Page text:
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Ten years after 9/11: Is nation any safer?

After 9/11, the need for heightened national security was obvious - but are we any safer 10 years later?

On Tuesday, U.S. Defense Secretary Leon Panetta visited the 9/11 Memorial and said the potential for another devastating terror assault "remains very real."

Special section: 9/11 10 years later

For more on the nation's security today, "The Early Show" met with two men who had important roles in shaping our nation's counter-terrorism strategy, Lt. Gen. Michael Hayden, former CIA director, and Vice Adm. Mike McConnell, former director of National Intelligence.

Hayden told "Early Show" co-anchor Chris Wragge, "We are infinitely safer today than we were on 9/11 against the kind of terrorist attack we saw 10 years ago, that mass casualty attack mounted against an iconic target which is the kind of thing that al Qaeda always aspires to do."

What is the biggest threat today?

McConnell said it's in the country's "soft underbelly."

He said, "It's all connected by the Internet, and there's a huge level of cyber-vulnerability in the nation. So if the right force, right set of players, attacked us in the right place at the right time, it could have catastrophic effect."

McConnell said the country is being actively targeted online "every day."

As for al Qaeda, Hayden says, "The new al Qaeda flavor of the month isn't (a) complex plot. It's simple, self-radicalized, individuals, non-complex, maybe a little bit like Mumbai, where you saw an attack with great strategic effect conducted by about a dozen folks with automatic weapons and cell phones. We need to be aware that that's the new kind of threat."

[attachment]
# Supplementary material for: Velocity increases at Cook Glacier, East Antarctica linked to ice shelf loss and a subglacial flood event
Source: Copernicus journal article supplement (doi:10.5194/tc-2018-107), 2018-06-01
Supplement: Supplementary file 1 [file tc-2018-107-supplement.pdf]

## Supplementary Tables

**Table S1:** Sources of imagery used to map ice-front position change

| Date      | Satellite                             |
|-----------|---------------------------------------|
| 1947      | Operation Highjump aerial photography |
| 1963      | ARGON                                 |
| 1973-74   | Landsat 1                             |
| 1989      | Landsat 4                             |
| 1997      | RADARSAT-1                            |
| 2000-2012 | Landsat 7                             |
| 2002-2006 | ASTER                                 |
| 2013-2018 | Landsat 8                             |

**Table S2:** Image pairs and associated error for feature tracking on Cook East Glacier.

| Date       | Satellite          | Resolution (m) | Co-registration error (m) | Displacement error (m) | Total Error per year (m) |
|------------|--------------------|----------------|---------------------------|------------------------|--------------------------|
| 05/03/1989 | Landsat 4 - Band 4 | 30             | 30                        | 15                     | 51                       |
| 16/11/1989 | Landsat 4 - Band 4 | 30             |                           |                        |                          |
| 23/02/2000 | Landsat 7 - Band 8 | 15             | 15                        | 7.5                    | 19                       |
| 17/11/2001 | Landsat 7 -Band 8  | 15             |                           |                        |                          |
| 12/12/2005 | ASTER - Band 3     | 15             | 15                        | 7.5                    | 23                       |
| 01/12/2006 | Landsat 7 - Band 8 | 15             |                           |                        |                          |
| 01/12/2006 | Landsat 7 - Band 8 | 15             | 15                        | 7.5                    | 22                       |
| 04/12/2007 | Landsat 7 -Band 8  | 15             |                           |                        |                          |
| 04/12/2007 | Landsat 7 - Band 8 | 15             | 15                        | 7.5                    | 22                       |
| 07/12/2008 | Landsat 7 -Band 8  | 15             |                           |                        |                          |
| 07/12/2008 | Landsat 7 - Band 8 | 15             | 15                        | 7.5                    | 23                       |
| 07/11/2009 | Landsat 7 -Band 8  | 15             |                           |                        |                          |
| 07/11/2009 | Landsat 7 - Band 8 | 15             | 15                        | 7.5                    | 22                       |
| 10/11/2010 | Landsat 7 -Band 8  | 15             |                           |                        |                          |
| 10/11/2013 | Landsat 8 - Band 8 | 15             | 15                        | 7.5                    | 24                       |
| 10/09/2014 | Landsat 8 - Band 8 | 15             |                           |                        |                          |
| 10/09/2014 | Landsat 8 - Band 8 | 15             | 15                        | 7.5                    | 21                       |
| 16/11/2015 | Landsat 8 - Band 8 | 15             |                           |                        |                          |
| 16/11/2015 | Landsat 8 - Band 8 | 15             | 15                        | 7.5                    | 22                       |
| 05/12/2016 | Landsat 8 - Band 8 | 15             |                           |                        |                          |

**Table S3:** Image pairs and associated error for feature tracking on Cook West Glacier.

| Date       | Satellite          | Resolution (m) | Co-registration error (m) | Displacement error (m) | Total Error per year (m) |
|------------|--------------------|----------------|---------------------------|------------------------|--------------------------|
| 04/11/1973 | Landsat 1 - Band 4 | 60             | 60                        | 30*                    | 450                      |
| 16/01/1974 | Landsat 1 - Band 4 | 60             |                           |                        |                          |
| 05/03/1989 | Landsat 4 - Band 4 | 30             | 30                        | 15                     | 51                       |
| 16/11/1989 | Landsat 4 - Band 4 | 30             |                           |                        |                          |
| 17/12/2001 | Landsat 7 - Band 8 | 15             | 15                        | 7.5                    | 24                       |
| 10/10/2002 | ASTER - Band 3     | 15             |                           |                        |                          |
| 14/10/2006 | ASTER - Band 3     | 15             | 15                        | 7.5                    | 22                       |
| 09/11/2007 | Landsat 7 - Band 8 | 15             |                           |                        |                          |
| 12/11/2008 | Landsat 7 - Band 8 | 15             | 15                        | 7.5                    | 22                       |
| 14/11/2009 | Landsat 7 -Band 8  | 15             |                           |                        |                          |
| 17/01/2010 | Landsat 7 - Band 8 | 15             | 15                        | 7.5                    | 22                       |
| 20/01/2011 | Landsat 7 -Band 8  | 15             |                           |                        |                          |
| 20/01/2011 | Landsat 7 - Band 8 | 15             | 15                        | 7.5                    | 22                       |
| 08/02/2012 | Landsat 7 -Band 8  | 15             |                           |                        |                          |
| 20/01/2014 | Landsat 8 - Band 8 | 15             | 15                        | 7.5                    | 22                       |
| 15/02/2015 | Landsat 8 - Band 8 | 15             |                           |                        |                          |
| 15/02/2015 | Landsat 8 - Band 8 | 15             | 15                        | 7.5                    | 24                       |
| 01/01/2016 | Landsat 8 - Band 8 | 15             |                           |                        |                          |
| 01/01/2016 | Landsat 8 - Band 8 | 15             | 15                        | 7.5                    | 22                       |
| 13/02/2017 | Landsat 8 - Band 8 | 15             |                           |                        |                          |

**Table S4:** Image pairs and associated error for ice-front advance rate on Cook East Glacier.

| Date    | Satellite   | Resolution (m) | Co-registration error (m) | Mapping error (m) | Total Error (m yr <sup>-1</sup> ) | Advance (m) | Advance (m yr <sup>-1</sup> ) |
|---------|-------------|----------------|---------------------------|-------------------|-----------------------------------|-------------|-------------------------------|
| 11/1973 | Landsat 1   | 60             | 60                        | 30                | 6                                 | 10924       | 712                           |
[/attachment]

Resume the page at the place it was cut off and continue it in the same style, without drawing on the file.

Wragge asked McConnell about The Patriot Act, saying, "A necessity or an infringement on people's civil liberties?"

McConnell responded, "It depends on your point of view. It could become very political very quickly, but from my point of view, if we are to protect the nation, particularly from something like a suicide bomber from outside coming in or a lone wolf on the inside, you need those authorities to be able to collect the information to make an assessment, to be able to prevent."

Hayden says the "flavor of the threat" has changed, saying, "The data on which we rely to counter that threat is shifting its weight. It's shifting its weight from being largely foreign-based to being more domestic-based."

Weapons of mass destruction, McConnell said, are a continued threat today.

He said, "Chemical, biological, particularly biological, if they had access and if they could get it released inside the country."

Hayden said, "Future al Qaeda threats, future al Qaeda attacks against the United States are going to be less complex, less well-organized, less likely to succeed, less lethal, even if they do succeed. They're just going to be more numerous, and we have to respond to that."

The biggest challenge for U.S. intelligence, McConnell said, is "to prevent an event not understand it after it has happened."

Hayden added, "That's the fundamental challenge of any warning equation. People have written about Pearl Harbor point out that was the fundamental issue, getting the hard points and pulling them out of the background noise. We collect so much now. We have so many people working on this problem that that has become the issue of the day."

He continued, "I think the most fundamental challenge right now is to understand the war is not over, even with the death of bin Laden, that future attacks are certain - not even likely - and that we don't overreact to future attacks."